Funeral Lectionary: Psalm 130:1-2, 3-4, 5-6ab, 6c-7, 8

This is one of the three common psalms for Lent. I think this text is quite fitting for a funeral, but in my midwestern Catholic experience, it is rarely requested. It appears in today’s Lectionary in most places, so I thought it a timely topic for a post. We have two choices for a given antiphon:

Out of the depths I cry to you, LORD.


I hope in the LORD, I trust in his word.

And the text, which isn’t exactly like today’s psalm–just a verse or two are switched around in the last two stanzas:

Out of the depths I cry to you, O LORD;
LORD, hear my voice!
O let your ears be attentive
to my voice of my pleading.

If you, O LORD, mark our guilt,
LORD, who would survive?
But with you is found forgiveness,
for this we revere you.

My soul is waiting for the LORD
I count on his word.
My soul is longing for the LORD
more than the watchman for daybreak.

Because with the LORD there is mercy
and fullness of redemption;
Israel indeed he will redeem
from all its iniquity.

Psalm 130 is the sixth of Saint Augustine’s seven penitential psalms.* It is also the 11th of the Psalter’s fifteen “Songs of Ascents,” shorter musical pieces used by pilgrims on their way to the Temple in Jerusalem.

The first half of the 130th has the tone of a lament. But the character of all the Songs of Ascents (Pss 120-134) is hopefulness. The pilgrims may be aware of their sins and their trials, but ultimately, they hope in God. They hope in a God for whom they long (Ps 130:6, and also 63:2). And even when the difficulties of life and the uncertainties of faith keep one awake in bed (Ps 130:6bc and 63:7) late at night, the dawn still will come. On that latter image, what troubled person has not known the sleepless night. Early morning time seems to run with excruciating slowness. It seems as if the light will never come.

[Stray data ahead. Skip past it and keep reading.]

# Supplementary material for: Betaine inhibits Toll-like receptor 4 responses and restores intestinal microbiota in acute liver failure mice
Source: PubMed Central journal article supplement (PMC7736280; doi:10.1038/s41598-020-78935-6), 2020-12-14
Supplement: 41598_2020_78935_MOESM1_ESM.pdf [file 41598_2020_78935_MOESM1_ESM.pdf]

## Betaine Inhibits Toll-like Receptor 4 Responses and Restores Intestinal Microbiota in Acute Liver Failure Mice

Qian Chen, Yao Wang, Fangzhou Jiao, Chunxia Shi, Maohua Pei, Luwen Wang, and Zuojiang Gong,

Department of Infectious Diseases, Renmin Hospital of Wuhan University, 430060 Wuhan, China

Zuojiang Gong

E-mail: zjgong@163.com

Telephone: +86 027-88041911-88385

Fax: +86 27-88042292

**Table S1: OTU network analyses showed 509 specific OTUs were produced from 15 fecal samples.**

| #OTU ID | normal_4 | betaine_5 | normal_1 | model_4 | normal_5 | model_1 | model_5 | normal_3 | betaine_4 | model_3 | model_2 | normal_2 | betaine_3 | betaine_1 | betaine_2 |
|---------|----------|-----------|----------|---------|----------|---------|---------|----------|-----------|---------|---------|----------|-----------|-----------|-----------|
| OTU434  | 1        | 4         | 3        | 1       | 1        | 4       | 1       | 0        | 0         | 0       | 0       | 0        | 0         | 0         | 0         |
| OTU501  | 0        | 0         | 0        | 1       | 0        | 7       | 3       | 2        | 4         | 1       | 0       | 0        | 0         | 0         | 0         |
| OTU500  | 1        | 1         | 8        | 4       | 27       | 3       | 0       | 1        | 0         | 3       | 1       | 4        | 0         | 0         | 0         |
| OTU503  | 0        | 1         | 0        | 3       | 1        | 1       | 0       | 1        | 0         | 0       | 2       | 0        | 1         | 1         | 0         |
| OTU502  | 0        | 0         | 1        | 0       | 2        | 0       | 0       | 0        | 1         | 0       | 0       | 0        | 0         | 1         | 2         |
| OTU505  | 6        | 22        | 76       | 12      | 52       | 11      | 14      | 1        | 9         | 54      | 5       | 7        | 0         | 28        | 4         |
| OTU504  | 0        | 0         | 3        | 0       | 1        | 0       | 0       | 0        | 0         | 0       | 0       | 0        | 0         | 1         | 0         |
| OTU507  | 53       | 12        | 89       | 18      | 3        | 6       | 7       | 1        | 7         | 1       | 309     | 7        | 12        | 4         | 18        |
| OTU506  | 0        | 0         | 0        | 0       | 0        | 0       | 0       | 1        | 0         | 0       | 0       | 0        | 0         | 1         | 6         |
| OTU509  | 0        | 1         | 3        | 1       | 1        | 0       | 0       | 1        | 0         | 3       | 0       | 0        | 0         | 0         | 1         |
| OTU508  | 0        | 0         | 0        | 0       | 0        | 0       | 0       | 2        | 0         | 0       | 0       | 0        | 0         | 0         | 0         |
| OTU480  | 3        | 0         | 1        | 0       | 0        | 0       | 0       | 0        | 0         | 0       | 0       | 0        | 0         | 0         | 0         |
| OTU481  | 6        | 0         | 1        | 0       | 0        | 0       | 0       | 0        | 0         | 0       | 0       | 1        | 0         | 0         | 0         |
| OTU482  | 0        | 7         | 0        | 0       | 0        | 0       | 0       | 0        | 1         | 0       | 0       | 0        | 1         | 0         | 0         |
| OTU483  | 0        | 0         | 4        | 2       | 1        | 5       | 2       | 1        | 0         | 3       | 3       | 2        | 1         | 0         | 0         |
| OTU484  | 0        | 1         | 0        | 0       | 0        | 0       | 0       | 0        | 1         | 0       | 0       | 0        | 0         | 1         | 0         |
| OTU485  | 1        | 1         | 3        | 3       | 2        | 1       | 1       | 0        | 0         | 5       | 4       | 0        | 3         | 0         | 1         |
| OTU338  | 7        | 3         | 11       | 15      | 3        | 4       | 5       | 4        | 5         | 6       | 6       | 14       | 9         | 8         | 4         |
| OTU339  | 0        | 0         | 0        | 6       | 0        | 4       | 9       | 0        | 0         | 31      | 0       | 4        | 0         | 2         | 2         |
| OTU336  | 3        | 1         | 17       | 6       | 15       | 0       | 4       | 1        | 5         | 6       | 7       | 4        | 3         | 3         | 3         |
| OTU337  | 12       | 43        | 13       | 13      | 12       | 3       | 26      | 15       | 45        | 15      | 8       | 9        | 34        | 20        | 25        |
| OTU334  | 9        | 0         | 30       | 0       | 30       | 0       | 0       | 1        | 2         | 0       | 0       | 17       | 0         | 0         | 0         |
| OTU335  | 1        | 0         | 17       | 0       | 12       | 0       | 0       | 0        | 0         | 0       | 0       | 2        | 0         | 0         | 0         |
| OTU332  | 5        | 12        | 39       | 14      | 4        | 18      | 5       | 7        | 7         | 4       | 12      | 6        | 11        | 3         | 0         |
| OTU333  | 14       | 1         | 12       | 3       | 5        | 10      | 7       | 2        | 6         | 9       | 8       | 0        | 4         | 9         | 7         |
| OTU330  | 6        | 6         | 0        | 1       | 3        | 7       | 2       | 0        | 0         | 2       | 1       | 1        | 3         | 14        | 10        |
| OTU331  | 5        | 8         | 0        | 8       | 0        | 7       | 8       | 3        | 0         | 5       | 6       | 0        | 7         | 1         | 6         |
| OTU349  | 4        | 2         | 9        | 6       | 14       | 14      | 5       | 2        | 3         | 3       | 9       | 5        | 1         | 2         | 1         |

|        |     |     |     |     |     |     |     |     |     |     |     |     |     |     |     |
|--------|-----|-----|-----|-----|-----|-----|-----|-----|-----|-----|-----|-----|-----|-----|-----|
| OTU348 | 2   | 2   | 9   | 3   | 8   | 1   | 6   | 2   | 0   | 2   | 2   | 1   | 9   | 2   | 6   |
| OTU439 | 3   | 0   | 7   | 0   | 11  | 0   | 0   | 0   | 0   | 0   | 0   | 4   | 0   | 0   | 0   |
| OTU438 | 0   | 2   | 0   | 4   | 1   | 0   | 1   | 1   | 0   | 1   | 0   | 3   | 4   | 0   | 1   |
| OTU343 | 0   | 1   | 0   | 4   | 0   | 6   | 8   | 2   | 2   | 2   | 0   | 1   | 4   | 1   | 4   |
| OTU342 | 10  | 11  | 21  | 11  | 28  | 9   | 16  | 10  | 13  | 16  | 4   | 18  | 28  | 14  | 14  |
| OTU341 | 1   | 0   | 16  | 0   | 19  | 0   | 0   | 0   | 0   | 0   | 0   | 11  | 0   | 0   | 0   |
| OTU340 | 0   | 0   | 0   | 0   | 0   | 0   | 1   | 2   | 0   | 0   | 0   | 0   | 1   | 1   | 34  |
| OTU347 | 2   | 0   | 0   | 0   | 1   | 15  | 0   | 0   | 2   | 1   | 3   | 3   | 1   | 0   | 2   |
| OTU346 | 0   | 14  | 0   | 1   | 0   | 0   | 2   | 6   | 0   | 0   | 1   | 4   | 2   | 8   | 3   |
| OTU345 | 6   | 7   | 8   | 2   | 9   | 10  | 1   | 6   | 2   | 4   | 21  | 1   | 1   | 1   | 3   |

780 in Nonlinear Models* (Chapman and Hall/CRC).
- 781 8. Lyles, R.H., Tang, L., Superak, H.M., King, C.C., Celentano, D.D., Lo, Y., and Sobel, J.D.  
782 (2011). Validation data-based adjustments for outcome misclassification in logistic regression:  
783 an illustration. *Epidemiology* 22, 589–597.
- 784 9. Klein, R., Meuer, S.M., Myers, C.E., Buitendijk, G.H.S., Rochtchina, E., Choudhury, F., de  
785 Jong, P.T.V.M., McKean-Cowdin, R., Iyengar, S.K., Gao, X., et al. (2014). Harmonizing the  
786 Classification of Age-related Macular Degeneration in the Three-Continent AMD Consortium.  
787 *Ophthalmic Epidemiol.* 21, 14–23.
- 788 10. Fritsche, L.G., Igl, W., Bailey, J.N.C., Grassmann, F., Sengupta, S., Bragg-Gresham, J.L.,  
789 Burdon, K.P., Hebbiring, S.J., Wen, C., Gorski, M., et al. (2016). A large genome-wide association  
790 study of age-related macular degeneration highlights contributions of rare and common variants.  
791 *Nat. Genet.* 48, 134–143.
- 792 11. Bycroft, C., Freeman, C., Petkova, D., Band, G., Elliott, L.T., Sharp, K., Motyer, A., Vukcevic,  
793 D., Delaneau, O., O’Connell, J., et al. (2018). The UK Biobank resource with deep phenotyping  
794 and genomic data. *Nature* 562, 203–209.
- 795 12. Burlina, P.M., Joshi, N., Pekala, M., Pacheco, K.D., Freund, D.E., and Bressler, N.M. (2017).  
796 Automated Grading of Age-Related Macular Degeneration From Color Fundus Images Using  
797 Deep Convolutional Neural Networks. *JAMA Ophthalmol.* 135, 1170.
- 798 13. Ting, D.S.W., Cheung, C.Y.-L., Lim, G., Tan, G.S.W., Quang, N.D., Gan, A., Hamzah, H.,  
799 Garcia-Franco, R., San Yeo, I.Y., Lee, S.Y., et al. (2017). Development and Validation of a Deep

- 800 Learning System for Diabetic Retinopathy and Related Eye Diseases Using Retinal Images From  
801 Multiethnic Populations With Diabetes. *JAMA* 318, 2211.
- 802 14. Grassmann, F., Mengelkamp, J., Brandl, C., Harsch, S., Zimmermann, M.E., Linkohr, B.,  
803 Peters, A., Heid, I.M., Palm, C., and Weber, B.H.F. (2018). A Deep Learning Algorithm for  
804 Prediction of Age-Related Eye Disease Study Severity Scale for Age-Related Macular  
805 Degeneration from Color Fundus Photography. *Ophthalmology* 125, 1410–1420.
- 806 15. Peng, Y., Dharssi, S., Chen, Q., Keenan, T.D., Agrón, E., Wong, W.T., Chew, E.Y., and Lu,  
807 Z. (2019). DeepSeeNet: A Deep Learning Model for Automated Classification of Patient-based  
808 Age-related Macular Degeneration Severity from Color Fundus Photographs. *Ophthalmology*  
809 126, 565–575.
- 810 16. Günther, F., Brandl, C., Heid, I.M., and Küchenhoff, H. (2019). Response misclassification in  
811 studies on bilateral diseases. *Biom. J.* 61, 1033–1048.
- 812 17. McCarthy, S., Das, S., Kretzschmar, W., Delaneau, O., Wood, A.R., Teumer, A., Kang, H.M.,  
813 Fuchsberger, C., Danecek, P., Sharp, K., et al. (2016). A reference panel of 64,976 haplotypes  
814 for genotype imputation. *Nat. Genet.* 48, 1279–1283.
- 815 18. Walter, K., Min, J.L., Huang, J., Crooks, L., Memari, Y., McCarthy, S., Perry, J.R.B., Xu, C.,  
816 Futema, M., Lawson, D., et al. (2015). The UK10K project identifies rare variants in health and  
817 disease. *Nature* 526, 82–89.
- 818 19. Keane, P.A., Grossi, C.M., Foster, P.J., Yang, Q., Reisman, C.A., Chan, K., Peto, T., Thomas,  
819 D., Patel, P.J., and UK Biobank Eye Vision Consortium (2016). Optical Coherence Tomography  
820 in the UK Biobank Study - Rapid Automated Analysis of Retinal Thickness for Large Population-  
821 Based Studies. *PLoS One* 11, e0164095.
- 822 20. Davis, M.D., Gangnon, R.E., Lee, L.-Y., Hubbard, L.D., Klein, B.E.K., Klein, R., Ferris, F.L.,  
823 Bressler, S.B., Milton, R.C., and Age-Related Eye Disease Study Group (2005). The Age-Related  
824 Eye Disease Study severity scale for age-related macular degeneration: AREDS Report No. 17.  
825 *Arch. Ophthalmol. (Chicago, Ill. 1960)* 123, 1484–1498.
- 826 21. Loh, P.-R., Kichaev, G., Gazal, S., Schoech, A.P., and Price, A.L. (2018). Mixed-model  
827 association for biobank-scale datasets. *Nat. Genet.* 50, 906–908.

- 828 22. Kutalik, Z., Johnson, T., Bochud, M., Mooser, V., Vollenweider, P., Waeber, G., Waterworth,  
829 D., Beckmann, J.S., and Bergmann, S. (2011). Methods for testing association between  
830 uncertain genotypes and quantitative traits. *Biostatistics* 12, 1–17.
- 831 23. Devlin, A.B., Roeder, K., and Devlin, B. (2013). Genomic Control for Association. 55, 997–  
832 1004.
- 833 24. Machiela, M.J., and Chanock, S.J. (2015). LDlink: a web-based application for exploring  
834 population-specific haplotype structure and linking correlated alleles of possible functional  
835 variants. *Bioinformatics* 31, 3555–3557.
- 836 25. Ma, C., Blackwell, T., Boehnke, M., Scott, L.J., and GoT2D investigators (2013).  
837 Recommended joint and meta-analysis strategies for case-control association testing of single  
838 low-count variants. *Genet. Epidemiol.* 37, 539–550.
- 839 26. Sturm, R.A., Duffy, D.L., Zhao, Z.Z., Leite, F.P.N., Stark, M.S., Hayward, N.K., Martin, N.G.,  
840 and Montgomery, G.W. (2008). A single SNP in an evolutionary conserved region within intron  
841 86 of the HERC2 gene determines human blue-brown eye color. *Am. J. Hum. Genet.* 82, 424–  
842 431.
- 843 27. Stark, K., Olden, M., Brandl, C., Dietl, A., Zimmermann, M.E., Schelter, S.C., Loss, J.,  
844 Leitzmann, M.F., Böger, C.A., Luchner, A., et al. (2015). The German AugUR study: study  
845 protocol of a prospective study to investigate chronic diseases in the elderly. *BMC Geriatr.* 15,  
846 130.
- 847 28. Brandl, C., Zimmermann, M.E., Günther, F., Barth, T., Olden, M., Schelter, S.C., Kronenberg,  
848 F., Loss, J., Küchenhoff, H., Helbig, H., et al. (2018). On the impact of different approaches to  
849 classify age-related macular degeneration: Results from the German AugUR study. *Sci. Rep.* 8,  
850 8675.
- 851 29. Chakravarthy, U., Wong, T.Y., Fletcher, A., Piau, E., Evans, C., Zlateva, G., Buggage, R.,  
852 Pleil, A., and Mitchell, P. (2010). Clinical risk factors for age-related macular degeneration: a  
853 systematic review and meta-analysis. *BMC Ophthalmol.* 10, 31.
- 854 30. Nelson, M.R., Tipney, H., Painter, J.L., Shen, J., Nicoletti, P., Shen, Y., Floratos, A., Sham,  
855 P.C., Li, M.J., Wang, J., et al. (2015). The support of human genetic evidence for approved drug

But the person of experience knows that indeed the day will dawn. It is the essence of pilgrimage, that each of us is not a static person. The nature of being mortal is that we change and grow. We also decay and die. The experience in which Christ urges each and all of us is to let go of what is unimportant, and to strive for the eternal.

It might be that in a time of intense grief, our ears are less open to the message of hope. Still, it is good to have the track playing, even if we sit unconvinced. Mourners certainly know the feeling of being buried in the depths, of calling out to God–and does he hear? We are concerned, perhaps, for our own sins and those of the deceased. For our departed loved one, we only have the mercy of God on which to count.

I think this is a great pairing with the Old Testament Scripture from Lamentations. Would you use this psalm, or both Scriptures at a funeral?

* numbers 6, 32, 38, 51, 91, 102, 130, and 143–worth knowing.

About catholicsensibility

Todd lives in Minnesota, serving a Catholic parish as a lay minister.
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